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Calculator Help

Get help using the calculator

Technical problems

I keep losing numbers

You must use the calculator's 'next' and 'back' buttons to move through the calculator, rather than your browser’s Forward and Back buttons.

I don’t understand a question

Clicking on the buttons marked “i” will give you some help with answering questions and understanding terms you might not be familiar with.

If you are still having trouble answering questions, you can call us on 08001 225 6653 (from 4p/min), or ask us to call you back.

It looked as if I was halfway through, then suddenly I was at the end

The progress bar shows how far through the calculator you are, but your answer to some questions may mean the calculator can give you a result straight away, even though the progress bar looks as if you are only halfway through.

Who shouldn't use the calculator?

You shouldn’t use the calculator if you or your partner have complex financial circumstances – that is, if you are:

  • self-employed
  • a shareholder in a private limited company
  • a company director
  • a partner in a business partnership.

If you are in one of these groups, you should speak to an adviser, who can tell you whether you qualify for legal aid. You can find a legal adviser in our directory.

You also should not use the calculator if you are:

  • seeking advice and assistance with a criminal case
  • a legal adviser advising a client.

What documents will I need when using the calculator?

You will be asked questions on your income and savings (“capital”), so you will need:

  • wage slips from the last three months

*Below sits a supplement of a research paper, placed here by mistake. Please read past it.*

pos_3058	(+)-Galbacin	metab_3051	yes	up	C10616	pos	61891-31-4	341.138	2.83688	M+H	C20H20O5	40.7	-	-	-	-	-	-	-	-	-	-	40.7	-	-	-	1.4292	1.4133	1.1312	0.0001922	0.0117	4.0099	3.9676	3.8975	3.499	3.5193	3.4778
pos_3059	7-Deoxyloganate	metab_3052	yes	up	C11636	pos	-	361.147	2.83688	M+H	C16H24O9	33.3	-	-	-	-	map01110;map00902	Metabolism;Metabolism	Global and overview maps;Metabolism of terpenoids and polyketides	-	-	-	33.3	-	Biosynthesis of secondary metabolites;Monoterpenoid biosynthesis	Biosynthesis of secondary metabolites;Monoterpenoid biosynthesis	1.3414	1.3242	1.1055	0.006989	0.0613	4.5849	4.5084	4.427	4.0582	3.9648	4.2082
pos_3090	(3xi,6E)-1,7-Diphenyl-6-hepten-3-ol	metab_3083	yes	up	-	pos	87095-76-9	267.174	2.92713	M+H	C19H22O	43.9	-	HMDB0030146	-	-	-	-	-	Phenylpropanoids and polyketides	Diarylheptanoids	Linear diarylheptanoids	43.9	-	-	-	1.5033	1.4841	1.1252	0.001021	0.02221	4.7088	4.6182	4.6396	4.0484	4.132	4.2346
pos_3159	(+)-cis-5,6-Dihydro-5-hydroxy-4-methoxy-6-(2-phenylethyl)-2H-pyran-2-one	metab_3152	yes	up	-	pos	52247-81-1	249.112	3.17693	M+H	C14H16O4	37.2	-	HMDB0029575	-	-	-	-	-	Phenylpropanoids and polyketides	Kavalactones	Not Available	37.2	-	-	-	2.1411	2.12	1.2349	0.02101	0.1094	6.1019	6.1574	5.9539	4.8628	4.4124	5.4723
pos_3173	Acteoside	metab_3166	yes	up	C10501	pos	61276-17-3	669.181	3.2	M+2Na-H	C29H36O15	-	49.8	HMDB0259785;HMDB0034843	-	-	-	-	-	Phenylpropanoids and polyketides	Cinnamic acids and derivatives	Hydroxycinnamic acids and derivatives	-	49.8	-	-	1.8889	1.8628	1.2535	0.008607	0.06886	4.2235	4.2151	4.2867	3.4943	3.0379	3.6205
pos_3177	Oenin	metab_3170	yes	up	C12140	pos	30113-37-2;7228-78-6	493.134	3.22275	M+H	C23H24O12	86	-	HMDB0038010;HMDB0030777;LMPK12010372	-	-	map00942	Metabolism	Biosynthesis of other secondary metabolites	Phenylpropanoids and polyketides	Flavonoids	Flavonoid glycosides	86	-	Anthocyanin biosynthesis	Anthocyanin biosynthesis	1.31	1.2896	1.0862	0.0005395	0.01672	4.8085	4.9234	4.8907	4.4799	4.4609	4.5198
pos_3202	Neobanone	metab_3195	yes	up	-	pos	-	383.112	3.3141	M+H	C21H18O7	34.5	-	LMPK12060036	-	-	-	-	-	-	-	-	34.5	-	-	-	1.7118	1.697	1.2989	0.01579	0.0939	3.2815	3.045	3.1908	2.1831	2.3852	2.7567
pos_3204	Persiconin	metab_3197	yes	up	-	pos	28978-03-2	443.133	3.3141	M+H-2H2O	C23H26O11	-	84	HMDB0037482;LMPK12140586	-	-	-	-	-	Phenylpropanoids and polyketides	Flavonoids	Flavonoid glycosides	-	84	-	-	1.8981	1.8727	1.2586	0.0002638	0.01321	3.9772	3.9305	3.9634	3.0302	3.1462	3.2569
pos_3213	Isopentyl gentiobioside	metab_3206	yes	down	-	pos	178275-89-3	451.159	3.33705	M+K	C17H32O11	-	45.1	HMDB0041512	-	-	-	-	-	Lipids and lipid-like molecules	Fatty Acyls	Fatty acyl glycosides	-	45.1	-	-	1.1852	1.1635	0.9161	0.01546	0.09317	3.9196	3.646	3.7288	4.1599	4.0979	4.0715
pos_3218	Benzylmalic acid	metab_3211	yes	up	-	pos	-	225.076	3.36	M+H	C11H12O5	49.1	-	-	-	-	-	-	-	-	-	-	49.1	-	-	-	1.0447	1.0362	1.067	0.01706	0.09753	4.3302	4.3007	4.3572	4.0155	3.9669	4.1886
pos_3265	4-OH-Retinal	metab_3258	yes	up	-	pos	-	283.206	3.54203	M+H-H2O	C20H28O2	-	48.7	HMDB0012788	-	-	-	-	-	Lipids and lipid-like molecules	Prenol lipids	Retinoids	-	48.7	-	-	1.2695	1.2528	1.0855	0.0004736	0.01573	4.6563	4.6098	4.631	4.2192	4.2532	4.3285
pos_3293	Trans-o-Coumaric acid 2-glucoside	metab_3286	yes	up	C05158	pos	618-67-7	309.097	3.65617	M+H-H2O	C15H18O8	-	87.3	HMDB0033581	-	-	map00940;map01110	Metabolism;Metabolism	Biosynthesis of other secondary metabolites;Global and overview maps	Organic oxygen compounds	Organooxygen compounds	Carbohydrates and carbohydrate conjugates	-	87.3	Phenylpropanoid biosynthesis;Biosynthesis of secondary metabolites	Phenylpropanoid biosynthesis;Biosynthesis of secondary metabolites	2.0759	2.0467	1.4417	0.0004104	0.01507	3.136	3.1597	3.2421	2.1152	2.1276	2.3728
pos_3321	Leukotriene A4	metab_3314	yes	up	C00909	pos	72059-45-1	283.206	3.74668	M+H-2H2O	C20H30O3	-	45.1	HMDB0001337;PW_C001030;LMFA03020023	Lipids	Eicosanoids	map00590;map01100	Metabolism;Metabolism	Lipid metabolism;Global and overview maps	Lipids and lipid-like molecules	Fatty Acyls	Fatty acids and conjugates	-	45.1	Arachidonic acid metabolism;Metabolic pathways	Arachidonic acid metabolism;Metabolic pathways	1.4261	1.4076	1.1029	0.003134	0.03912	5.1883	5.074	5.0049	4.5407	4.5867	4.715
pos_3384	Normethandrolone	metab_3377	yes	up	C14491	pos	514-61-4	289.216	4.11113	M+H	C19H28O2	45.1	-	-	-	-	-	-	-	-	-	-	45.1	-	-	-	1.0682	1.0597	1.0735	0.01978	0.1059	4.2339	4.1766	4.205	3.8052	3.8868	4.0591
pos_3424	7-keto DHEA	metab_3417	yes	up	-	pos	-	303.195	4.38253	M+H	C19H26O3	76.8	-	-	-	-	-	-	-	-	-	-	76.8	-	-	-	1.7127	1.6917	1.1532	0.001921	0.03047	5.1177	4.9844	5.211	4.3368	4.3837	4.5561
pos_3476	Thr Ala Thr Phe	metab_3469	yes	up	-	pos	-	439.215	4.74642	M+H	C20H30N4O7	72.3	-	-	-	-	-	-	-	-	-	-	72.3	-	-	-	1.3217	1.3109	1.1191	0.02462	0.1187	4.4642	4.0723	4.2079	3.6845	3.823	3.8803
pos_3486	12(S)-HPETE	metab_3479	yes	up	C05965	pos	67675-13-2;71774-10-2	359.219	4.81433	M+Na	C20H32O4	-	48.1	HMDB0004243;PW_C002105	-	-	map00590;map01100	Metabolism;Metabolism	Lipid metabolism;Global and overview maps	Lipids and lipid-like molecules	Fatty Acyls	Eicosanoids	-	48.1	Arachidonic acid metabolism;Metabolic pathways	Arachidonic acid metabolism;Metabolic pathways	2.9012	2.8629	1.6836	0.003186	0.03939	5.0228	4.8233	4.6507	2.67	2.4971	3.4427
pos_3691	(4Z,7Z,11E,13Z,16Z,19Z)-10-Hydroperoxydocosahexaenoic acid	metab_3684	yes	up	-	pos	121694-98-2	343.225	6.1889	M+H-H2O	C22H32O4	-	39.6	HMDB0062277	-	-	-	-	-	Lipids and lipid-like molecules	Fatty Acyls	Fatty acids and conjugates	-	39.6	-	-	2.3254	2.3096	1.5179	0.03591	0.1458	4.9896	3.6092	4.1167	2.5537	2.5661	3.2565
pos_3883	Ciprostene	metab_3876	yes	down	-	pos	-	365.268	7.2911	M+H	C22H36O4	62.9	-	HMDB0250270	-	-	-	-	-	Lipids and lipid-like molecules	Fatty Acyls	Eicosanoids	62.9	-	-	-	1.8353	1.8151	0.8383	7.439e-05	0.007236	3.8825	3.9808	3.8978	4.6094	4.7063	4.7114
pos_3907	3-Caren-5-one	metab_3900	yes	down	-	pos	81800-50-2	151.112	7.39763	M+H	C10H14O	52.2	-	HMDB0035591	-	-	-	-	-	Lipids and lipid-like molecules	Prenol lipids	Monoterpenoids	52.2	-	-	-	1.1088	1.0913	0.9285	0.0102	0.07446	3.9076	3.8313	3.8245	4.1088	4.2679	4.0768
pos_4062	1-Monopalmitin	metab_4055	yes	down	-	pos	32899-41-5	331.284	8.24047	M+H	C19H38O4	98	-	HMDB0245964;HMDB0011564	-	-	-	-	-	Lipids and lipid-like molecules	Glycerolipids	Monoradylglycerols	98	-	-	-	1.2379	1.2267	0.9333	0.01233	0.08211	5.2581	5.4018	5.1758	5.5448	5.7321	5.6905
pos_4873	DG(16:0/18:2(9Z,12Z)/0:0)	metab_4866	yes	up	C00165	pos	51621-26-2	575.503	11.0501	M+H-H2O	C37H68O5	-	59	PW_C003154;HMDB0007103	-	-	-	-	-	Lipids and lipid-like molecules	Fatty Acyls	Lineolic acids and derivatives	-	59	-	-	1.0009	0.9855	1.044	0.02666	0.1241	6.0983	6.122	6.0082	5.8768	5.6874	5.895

• records of child-minding fees
  • your benefits book
  • your rent book or mortgage invoices
  • life assurance or endowment policies
  • stocks, bonds and shares details
  • details of trust deeds or trust funds
  • the balance of your bank or building society accounts
  • details of fixed-term investments etc
  • details of maintenance payments.

If you have a partner, you will need to provide their financial details as well.

Why can't it guarantee that I will get legal aid?

The calculator checks if you’re financially eligible for legal aid. Your case will also need to pass a test of merit to make sure it is worth taking to court. Your legal adviser will deal with this for you.

The calculator will also say whether you would have to contribute to your legal costs. If you gain or keep money or property in a civil case with the help of public funding from the LSC, you may have to repay all or some of your legal costs out of that money or property. The money you repay will go towards what your case has cost.

This is known as the ‘statutory charge’. You can find out more about it in our leaflet ‘The Statutory Charge’.

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